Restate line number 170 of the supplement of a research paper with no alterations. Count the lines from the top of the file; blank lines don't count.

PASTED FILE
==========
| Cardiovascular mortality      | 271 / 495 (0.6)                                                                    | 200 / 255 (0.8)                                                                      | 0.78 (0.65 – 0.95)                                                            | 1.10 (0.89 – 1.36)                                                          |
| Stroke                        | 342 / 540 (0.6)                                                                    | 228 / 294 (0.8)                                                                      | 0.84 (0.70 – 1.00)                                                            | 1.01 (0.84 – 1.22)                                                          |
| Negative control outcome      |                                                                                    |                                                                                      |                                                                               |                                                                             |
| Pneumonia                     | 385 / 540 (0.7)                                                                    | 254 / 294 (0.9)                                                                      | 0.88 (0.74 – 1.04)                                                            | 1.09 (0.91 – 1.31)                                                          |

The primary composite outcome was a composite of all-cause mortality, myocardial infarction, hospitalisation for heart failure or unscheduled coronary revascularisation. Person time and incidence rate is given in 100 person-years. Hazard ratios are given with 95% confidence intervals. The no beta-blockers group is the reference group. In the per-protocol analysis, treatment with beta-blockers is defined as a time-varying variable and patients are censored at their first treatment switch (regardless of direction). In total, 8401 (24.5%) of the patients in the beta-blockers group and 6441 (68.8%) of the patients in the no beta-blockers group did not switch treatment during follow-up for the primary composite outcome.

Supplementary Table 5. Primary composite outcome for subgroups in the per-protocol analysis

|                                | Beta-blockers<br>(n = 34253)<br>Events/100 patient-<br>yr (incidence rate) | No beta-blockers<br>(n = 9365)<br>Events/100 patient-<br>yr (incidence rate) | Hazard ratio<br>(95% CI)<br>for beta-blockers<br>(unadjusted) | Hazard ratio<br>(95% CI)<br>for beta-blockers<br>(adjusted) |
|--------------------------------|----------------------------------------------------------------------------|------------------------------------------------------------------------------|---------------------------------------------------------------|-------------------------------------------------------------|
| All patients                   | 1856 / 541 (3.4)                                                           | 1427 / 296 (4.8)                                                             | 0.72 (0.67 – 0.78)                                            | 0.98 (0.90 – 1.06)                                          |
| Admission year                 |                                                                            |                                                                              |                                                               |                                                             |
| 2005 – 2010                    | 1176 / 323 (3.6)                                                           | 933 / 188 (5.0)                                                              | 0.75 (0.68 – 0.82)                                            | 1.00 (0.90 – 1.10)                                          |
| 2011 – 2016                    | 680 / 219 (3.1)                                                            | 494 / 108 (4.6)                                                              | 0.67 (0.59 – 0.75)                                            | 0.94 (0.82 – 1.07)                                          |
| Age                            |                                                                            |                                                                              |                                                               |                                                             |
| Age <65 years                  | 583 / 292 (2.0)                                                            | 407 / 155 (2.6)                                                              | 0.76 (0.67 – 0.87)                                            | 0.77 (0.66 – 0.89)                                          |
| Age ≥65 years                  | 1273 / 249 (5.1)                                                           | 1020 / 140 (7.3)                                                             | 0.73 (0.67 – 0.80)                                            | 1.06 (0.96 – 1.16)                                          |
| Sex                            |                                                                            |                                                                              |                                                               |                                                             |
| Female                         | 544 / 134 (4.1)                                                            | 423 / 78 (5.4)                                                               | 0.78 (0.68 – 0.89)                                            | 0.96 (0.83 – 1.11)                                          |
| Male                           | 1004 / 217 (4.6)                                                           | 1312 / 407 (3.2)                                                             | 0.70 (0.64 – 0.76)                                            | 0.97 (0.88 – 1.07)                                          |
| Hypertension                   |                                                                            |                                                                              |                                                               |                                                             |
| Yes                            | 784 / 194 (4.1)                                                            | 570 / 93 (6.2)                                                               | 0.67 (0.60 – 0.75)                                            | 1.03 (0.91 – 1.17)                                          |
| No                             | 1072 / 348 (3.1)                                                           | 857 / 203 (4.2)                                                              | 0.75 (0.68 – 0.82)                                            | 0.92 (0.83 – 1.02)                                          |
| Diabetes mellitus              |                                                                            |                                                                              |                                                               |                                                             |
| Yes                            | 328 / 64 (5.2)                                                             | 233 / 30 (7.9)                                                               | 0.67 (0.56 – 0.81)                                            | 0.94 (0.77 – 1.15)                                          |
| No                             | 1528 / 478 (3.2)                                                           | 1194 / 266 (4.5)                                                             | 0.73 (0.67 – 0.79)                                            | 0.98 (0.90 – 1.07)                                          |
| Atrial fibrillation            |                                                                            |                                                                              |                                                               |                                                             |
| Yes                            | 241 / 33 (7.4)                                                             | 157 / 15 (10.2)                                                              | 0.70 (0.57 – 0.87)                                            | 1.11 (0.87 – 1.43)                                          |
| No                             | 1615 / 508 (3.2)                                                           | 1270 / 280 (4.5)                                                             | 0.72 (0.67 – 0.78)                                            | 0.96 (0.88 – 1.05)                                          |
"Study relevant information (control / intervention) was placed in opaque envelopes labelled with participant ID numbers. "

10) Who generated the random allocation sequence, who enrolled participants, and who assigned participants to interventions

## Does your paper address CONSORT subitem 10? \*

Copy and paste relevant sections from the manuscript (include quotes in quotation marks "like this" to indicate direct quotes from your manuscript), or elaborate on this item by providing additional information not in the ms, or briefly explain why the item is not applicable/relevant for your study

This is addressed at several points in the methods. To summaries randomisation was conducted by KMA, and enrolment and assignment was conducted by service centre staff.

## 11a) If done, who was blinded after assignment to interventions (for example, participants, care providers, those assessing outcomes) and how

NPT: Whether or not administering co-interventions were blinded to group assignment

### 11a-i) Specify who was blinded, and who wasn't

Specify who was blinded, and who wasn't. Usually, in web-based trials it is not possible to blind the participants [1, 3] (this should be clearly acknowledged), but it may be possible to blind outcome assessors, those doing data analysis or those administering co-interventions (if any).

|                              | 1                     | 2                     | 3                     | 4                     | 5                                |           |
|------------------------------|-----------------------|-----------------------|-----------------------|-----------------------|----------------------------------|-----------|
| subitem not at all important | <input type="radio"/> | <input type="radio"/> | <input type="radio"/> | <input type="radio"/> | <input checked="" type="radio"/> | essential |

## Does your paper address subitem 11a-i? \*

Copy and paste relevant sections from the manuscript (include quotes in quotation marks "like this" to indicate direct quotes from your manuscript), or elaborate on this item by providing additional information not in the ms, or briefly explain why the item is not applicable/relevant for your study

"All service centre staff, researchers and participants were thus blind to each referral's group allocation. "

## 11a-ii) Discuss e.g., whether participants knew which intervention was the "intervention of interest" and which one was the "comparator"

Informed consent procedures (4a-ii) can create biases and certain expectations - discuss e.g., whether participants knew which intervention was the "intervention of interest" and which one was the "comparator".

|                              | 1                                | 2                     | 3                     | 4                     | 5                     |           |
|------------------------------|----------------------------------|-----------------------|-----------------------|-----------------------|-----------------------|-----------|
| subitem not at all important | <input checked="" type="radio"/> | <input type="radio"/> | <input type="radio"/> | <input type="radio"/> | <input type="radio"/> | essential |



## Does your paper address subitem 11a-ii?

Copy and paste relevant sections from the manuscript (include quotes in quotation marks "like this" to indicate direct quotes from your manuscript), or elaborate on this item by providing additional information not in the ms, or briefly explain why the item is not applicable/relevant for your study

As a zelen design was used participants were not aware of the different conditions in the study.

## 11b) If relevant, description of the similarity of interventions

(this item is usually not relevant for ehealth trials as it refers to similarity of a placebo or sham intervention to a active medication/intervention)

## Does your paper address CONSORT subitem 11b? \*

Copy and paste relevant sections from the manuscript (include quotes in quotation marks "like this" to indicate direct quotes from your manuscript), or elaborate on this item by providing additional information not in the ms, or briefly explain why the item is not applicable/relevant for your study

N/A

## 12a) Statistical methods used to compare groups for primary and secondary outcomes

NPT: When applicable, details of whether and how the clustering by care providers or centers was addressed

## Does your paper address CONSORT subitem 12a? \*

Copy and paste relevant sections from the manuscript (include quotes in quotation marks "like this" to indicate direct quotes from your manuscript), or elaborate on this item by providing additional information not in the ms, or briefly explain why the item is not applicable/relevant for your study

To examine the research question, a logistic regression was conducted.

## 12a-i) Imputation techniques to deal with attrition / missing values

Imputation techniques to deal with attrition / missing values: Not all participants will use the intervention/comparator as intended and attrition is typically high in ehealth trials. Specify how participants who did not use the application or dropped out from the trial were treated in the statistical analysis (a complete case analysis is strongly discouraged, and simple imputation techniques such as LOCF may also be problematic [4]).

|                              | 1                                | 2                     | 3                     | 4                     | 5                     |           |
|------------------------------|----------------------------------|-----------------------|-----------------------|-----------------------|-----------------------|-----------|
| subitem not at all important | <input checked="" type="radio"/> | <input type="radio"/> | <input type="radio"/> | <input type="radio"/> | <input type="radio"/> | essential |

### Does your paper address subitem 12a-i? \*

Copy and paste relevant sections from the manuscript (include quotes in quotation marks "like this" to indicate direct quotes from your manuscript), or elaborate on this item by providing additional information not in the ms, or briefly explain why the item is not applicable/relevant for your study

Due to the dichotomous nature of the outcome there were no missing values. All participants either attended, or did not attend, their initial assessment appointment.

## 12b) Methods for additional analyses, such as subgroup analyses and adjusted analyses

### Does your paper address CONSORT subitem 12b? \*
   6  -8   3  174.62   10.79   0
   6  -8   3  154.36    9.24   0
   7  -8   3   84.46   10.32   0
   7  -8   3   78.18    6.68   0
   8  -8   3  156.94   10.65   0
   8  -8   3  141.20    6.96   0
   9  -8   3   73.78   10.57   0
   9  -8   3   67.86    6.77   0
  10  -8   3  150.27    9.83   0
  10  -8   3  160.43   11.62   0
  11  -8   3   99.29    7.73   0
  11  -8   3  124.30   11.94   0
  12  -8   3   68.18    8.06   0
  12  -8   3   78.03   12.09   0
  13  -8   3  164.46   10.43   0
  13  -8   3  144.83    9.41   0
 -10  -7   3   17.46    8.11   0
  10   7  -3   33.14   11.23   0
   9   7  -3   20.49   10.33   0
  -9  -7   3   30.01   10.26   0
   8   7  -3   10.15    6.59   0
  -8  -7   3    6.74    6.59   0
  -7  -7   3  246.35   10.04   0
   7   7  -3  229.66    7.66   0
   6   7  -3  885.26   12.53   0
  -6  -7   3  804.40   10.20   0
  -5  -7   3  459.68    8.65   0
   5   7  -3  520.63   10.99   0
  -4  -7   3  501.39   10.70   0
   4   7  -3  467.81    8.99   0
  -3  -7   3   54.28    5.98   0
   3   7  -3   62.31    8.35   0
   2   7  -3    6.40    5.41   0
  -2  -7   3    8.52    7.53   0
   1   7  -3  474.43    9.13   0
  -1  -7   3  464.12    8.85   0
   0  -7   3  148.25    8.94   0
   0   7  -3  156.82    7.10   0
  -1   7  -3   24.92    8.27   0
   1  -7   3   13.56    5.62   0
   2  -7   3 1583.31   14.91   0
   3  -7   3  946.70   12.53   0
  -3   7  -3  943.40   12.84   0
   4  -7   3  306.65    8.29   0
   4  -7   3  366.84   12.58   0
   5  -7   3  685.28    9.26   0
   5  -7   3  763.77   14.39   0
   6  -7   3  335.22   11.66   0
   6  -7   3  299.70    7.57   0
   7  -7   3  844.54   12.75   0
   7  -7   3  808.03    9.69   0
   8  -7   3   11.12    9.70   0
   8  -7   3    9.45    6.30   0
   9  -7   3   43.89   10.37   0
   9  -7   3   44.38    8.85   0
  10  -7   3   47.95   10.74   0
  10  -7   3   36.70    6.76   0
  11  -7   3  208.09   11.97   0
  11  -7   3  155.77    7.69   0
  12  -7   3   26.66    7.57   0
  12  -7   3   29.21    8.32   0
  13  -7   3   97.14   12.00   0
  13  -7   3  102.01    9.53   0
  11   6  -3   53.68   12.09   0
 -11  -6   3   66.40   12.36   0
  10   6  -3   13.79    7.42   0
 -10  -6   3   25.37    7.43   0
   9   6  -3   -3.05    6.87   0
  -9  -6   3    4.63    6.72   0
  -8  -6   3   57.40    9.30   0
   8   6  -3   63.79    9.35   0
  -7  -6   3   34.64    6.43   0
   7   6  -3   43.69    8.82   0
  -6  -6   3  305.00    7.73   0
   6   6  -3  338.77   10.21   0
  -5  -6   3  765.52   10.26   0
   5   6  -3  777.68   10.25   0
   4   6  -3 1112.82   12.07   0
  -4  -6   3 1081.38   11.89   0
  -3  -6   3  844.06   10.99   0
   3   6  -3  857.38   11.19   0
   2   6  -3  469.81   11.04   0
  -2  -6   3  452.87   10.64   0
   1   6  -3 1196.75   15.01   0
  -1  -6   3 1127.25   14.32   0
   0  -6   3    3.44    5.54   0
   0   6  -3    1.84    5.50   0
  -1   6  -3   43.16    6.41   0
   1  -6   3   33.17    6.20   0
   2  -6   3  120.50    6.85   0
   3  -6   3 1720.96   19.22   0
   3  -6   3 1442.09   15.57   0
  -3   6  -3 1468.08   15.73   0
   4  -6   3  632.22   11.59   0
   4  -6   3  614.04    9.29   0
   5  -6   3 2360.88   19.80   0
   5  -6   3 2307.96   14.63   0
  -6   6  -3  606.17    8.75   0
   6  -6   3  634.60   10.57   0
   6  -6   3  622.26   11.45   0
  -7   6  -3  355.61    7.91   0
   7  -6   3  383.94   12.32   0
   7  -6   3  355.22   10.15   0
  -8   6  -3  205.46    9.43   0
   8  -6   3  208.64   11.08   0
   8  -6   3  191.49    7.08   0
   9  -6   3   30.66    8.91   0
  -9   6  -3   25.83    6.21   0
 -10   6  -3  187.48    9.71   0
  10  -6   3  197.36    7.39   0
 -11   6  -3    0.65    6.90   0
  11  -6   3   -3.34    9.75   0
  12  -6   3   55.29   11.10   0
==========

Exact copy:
   6  -6   3  622.26   11.45   0